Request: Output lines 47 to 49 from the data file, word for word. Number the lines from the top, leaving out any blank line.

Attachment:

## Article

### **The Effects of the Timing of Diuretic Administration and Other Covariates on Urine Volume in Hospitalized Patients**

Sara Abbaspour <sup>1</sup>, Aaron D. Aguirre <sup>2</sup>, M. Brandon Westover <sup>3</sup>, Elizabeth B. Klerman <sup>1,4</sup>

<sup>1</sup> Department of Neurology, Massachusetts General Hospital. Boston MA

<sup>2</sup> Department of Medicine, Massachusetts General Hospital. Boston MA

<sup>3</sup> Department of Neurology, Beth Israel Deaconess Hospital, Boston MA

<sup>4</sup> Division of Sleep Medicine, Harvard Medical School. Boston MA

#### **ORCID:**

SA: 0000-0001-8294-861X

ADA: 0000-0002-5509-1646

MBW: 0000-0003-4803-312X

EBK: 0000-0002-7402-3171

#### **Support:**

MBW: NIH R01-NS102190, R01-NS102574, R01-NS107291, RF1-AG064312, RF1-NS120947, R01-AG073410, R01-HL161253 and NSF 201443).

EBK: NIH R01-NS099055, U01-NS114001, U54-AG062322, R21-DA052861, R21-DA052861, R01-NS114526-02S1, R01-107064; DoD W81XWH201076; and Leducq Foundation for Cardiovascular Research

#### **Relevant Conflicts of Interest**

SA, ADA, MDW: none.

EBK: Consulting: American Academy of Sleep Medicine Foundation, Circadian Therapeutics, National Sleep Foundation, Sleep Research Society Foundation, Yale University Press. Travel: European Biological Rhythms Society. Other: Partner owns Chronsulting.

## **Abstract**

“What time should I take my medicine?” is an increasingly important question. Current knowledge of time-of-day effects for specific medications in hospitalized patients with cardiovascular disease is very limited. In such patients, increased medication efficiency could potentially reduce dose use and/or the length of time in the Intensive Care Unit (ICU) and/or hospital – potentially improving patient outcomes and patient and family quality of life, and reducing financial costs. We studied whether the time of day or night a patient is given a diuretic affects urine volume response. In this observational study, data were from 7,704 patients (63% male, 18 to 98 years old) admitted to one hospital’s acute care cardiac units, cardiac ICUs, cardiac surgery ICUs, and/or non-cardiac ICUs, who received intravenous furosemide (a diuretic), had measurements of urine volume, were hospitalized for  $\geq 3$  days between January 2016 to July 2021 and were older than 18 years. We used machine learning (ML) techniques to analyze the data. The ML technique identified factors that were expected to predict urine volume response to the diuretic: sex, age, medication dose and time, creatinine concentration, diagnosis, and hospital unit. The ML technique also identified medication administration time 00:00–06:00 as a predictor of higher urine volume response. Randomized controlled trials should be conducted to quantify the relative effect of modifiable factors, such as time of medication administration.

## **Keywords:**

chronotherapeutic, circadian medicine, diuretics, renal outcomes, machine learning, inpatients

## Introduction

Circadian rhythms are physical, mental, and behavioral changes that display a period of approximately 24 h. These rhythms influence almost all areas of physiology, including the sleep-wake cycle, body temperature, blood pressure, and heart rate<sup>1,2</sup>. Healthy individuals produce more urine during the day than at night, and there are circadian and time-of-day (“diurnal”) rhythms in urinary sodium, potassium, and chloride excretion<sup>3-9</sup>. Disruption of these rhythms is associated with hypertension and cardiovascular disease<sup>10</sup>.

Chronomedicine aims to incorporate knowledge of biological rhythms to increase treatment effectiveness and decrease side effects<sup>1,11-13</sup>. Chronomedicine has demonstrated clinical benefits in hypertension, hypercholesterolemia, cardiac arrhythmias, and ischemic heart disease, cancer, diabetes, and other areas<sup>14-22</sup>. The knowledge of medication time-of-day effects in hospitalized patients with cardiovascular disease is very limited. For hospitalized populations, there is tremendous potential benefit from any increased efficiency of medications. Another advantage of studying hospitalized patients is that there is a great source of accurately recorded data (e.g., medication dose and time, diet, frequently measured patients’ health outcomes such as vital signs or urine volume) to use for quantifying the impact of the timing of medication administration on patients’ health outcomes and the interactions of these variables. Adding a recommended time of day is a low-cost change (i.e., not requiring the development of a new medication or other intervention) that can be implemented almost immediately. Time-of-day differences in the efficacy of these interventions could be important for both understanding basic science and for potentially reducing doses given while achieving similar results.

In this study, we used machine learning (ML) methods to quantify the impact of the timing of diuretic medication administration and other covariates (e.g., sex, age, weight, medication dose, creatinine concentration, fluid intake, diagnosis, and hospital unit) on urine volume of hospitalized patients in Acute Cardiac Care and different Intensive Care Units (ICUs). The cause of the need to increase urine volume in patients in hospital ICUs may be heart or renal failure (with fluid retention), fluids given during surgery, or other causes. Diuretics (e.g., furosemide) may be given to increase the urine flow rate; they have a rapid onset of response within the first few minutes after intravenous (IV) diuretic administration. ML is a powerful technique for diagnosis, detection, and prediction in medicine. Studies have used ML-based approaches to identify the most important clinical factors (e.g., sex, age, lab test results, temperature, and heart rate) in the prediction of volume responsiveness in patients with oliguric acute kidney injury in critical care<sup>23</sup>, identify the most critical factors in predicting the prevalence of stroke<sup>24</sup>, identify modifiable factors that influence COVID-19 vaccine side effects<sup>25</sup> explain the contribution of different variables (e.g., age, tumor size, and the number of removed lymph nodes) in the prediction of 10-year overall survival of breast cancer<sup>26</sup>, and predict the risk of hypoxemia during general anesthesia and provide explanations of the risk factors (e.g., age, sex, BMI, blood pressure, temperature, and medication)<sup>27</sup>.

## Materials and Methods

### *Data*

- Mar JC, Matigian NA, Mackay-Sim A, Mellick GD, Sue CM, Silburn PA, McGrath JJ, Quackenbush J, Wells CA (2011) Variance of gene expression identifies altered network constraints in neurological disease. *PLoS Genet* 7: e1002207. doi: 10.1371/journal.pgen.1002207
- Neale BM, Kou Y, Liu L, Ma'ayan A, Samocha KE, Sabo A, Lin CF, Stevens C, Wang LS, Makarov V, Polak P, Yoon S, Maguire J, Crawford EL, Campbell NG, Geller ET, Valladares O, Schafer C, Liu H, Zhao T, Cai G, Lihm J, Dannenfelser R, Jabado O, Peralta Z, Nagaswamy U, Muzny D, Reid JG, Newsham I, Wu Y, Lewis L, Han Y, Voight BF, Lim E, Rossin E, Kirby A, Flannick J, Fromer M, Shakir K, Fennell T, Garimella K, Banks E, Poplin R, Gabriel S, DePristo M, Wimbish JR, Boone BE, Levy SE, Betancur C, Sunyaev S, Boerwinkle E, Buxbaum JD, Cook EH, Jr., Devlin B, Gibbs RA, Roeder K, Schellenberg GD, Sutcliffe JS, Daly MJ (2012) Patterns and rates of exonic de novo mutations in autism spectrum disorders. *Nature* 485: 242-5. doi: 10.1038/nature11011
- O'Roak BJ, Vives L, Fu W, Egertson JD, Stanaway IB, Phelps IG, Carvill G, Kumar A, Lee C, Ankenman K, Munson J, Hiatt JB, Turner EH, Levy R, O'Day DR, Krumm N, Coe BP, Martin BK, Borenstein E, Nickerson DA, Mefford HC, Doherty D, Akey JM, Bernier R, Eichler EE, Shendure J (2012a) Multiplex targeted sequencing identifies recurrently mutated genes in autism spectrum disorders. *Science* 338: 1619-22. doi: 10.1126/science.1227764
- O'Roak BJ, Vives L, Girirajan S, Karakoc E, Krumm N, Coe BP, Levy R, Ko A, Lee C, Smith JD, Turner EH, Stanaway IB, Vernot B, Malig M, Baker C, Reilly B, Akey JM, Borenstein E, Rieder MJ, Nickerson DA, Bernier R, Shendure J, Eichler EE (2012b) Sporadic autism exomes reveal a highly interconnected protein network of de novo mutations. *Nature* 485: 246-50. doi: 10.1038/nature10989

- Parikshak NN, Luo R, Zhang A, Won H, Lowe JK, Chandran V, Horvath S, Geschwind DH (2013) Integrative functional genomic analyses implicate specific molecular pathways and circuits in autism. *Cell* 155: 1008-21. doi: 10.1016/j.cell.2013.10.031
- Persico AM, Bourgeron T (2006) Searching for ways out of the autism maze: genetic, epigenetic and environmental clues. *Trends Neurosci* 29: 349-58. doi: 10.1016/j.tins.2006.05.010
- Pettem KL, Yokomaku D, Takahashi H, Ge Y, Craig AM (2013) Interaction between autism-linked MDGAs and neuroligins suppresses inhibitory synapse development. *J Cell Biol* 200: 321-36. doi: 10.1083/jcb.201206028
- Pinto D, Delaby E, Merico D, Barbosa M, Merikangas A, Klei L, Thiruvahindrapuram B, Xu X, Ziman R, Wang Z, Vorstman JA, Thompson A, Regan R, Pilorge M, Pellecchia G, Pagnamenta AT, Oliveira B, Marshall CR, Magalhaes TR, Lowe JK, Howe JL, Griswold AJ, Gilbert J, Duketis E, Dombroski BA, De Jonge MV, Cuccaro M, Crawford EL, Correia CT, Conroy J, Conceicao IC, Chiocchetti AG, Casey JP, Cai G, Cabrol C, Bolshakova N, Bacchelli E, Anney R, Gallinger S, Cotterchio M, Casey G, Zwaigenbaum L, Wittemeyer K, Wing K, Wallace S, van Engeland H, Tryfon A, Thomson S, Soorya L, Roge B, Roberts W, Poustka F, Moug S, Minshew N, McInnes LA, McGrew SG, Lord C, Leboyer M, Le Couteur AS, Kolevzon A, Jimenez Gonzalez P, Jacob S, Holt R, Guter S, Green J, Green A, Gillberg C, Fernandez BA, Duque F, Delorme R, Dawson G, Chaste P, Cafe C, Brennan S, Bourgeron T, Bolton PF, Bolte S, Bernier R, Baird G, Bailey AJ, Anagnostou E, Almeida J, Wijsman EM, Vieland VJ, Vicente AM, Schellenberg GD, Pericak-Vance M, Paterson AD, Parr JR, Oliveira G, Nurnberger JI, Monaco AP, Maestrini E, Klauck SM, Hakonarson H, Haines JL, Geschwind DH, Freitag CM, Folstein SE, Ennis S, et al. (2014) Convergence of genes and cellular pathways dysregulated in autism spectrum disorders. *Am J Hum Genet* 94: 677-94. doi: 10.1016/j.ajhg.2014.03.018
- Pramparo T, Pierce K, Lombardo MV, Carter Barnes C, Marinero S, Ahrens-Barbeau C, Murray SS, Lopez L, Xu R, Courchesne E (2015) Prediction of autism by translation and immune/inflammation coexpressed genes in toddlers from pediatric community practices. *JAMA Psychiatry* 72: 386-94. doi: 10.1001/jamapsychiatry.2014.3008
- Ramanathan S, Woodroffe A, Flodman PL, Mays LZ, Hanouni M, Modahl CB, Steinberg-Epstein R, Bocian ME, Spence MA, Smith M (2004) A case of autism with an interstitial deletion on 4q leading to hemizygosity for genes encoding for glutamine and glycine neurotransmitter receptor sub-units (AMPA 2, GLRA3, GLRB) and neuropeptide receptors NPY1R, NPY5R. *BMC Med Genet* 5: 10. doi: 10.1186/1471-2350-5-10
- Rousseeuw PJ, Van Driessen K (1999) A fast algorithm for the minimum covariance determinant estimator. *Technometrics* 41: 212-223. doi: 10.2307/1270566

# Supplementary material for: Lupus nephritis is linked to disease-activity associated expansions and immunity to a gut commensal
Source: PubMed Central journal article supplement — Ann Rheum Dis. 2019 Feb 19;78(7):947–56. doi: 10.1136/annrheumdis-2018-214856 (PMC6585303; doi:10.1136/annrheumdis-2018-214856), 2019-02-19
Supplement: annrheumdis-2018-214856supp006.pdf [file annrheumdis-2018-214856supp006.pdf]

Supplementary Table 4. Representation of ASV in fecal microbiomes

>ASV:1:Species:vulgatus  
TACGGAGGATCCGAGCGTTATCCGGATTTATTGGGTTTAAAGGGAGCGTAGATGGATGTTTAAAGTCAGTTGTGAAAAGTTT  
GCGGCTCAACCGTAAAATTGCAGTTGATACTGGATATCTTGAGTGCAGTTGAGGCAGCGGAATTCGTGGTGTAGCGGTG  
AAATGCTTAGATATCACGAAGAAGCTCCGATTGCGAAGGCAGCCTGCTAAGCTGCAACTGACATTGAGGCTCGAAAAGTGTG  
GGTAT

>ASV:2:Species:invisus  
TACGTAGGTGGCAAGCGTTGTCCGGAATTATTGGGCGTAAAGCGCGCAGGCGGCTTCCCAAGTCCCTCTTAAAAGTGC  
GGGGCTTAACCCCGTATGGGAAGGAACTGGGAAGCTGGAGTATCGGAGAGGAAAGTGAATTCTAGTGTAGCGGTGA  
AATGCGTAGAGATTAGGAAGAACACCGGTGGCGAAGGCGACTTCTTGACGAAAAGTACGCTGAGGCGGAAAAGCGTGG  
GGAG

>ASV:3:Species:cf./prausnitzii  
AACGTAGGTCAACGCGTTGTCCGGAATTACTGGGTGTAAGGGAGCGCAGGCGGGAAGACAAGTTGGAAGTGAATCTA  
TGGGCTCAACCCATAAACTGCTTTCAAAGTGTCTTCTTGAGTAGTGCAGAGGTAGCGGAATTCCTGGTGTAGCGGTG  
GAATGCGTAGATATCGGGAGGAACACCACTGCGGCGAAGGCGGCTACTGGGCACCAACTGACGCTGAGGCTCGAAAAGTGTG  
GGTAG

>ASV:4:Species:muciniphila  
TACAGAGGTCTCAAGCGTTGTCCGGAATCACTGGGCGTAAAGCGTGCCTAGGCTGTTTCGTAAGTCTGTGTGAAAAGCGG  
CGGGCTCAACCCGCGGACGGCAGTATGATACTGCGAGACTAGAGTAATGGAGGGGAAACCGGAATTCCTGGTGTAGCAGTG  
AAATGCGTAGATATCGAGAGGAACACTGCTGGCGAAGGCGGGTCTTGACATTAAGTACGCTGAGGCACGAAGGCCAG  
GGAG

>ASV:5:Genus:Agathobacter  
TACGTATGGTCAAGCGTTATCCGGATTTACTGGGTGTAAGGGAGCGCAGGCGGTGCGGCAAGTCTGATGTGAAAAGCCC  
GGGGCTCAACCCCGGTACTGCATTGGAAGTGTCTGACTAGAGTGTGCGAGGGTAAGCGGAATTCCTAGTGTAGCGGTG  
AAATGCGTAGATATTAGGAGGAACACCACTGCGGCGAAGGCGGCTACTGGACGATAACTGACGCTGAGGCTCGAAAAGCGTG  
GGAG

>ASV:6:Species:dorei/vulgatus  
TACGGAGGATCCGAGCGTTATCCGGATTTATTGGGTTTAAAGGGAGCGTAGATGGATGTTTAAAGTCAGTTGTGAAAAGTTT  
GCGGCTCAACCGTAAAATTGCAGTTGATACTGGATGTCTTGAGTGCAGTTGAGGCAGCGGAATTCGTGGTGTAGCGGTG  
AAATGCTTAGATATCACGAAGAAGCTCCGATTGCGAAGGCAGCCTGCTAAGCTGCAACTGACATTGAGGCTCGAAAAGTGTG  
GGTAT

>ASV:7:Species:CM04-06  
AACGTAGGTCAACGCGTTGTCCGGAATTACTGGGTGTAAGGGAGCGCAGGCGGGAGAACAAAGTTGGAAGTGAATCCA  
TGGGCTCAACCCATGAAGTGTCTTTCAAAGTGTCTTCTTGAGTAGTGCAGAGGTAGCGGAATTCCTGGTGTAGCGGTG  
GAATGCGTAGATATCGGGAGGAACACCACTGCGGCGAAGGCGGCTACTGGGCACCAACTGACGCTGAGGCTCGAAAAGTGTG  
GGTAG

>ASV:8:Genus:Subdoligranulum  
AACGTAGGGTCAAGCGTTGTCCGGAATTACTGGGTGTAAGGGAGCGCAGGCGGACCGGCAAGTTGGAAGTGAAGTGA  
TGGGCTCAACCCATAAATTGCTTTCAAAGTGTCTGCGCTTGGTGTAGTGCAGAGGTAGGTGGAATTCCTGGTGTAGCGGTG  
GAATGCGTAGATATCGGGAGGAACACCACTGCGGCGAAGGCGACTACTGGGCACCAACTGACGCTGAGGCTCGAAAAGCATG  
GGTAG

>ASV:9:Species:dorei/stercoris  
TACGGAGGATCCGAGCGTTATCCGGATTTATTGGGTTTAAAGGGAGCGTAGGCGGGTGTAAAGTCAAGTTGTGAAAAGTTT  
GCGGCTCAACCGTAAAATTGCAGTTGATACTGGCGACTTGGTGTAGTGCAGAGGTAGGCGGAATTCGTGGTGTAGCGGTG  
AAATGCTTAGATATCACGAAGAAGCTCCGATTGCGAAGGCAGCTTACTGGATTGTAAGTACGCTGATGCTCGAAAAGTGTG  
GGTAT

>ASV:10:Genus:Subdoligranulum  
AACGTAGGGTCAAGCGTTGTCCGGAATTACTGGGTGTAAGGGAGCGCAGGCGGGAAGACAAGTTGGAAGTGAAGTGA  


AAATGCTTAGATATCACGAAGAAGCTCCGATTGCGAAGGCAGCCTGCTAAGCTGCAACTGACATTGAGGCTCGAAAAGTGTG  
GGTAT

>ASV:2:Species:invisus  